Metro Transit Bus Drivers' Union, Met Council 'Make Progress' in Contract Talks

December 12, 2017 08:52 PM

The Met Council and Amalgamated Transit Union Local 1005 met most of the day and into the night Monday to discuss the strike that is planned over the Super Bowl celebration.

Mark Lawson, Local 1005 president said both sides "made progress" in their talks and both are expected to hear from the mediator again in the next couple days.


"We have not heard back from the mediator today (Tuesday), but we were told we would probably probably hear from him Wednesday and we will see where we are then," Lawson said

RELATED: Metro Transit Workers Vote to Authorize Strike During Super Bowl Festivities

The union hast threatened a strike during the Super Bowl if it does not have a new contract with the Met Council before the Super Bowl events begin.  The union's contract expired July 31.

Nearly 100 Metro Transit bus drivers filled a Met Council Transportation Committee hearing room Monday to protest lack of progress in contract talks that focus more on bus driver safety than wages and health benefits.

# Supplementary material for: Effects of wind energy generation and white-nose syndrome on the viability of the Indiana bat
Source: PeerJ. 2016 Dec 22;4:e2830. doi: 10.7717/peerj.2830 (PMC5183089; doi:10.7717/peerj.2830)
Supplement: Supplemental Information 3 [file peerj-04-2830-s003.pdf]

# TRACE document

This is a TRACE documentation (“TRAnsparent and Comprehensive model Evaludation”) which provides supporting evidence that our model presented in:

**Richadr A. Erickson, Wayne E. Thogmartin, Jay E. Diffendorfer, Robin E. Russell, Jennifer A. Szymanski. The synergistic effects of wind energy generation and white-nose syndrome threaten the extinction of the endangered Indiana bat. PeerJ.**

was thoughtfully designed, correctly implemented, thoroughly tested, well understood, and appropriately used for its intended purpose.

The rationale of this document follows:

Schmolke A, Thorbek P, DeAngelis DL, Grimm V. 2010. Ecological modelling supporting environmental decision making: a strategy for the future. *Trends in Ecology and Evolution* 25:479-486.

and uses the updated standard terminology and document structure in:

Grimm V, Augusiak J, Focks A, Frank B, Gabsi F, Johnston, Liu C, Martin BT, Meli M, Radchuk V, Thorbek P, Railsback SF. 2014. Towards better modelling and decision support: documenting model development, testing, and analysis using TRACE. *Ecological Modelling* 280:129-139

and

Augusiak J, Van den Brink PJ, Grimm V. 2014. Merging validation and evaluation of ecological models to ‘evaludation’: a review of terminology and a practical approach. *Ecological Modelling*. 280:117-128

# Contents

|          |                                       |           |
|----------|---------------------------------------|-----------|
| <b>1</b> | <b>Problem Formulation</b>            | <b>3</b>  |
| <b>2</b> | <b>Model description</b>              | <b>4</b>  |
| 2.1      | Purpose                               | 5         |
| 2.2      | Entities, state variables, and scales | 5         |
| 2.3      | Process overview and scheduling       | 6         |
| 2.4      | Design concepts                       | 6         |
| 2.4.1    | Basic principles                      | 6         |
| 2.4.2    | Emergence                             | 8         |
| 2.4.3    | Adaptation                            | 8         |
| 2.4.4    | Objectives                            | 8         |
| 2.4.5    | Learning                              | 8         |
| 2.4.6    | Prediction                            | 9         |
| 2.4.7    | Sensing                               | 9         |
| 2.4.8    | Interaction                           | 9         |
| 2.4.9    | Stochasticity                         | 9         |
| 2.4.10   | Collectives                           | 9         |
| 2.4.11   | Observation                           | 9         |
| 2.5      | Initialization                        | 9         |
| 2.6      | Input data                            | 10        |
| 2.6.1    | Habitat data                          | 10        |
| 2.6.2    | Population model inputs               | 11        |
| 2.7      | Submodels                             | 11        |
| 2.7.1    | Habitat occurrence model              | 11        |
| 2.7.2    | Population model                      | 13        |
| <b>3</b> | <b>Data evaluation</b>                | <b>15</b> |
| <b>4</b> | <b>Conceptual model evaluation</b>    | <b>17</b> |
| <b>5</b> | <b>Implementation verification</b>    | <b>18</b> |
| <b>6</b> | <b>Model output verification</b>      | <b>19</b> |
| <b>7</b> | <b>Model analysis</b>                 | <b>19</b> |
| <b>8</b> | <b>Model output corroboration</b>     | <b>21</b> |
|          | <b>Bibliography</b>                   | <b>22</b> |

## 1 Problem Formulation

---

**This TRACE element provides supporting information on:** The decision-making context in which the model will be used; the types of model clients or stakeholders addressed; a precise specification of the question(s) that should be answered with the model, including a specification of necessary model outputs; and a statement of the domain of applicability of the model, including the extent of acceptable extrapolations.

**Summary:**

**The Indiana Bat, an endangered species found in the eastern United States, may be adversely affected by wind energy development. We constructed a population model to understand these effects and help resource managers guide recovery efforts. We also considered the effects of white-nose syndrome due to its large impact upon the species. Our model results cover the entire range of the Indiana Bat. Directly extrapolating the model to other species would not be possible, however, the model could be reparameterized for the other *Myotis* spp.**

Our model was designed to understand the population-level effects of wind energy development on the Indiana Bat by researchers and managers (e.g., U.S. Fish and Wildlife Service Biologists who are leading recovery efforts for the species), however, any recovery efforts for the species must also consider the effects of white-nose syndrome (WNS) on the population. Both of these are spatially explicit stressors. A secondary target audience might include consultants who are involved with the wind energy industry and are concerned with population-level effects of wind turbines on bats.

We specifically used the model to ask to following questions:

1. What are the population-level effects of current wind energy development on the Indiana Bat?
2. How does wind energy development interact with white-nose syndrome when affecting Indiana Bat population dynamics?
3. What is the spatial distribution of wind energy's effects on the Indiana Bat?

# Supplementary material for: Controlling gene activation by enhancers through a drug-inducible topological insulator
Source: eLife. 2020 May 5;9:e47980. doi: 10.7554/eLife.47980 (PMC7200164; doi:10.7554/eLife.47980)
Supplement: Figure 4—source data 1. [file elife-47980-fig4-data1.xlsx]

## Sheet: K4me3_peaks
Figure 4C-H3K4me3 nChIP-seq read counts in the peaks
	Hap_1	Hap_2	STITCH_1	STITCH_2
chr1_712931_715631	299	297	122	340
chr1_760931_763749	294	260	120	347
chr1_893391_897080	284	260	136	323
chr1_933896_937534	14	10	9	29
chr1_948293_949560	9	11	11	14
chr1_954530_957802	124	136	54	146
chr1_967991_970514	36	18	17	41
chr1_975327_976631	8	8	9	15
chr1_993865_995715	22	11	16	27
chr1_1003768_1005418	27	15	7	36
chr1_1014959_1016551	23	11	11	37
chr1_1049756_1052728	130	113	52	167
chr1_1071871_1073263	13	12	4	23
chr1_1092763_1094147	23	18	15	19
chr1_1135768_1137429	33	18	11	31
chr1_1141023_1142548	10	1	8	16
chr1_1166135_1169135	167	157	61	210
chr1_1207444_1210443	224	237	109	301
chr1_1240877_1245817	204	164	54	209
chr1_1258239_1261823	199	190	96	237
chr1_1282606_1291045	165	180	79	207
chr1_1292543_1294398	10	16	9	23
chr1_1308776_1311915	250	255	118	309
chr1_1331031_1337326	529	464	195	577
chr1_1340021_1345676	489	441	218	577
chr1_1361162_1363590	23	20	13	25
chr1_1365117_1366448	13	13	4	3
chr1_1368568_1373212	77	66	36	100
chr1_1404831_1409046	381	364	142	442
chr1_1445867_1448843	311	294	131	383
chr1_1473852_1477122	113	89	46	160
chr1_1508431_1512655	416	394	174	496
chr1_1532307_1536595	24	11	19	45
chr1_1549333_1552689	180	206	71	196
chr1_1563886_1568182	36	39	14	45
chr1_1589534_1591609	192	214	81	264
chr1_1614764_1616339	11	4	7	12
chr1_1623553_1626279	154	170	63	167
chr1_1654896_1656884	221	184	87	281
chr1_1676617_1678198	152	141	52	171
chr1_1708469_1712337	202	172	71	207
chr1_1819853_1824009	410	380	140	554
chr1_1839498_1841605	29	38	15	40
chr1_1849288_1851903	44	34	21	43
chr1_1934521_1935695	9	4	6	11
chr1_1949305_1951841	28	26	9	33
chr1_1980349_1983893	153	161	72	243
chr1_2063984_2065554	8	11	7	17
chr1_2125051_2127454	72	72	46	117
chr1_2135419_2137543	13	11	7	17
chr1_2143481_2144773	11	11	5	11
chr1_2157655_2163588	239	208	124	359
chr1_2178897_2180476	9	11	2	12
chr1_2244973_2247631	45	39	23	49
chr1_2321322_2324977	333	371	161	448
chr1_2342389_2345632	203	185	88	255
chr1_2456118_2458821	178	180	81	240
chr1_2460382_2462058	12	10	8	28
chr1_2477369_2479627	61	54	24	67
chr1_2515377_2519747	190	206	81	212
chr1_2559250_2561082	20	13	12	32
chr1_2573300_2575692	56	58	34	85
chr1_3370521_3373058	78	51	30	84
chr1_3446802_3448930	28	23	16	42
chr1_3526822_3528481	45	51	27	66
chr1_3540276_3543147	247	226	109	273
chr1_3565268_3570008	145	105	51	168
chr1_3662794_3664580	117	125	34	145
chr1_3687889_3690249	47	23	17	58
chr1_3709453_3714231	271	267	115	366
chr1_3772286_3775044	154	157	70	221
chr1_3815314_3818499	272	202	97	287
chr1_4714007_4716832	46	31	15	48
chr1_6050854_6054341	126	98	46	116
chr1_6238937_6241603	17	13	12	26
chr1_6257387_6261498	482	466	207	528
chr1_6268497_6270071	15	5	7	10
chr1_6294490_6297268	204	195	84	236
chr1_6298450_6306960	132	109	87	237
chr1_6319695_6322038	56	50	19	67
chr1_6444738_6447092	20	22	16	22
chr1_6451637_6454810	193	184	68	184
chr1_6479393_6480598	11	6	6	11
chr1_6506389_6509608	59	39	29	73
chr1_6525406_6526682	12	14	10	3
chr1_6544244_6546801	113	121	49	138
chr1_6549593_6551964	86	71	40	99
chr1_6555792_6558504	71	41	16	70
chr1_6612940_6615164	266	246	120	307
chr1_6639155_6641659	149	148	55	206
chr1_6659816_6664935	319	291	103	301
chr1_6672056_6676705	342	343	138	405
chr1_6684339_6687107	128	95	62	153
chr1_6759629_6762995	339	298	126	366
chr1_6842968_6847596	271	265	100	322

Doni Jones told 5 EYEWITNESS NEWS he has been a Metro Transit bus driver for the past 14 years and he has seen a significant rise in assaults on drivers.

"I have not been physically assaulted, but I have been spit on, verbally attacked and my life has been threatened," he said. "I have seen other drivers who've ended up in the hospital after serious assaults."

Statistics released by the union show in 2015, there were 88 assaults on bus drivers.  In 2016, there were 162 and there have been 147 assaults on bus drivers so far this year.

A 2016 Metro Transit survey of 1,600 operators showed 43 percent did not feel safe on the job.

"There seems to be more people than ever before who do not pay their fares and that's what usually leads to the assaults and a lot of the perpetrators are young kids, groups of young kids," Jones said.

KSTP asked  Katie Rodriguez, chairwoman  of the Transportation Committee, to comment on the bus drivers' concerns, but she declined to talk after the meeting concluded.


Jay Kolls

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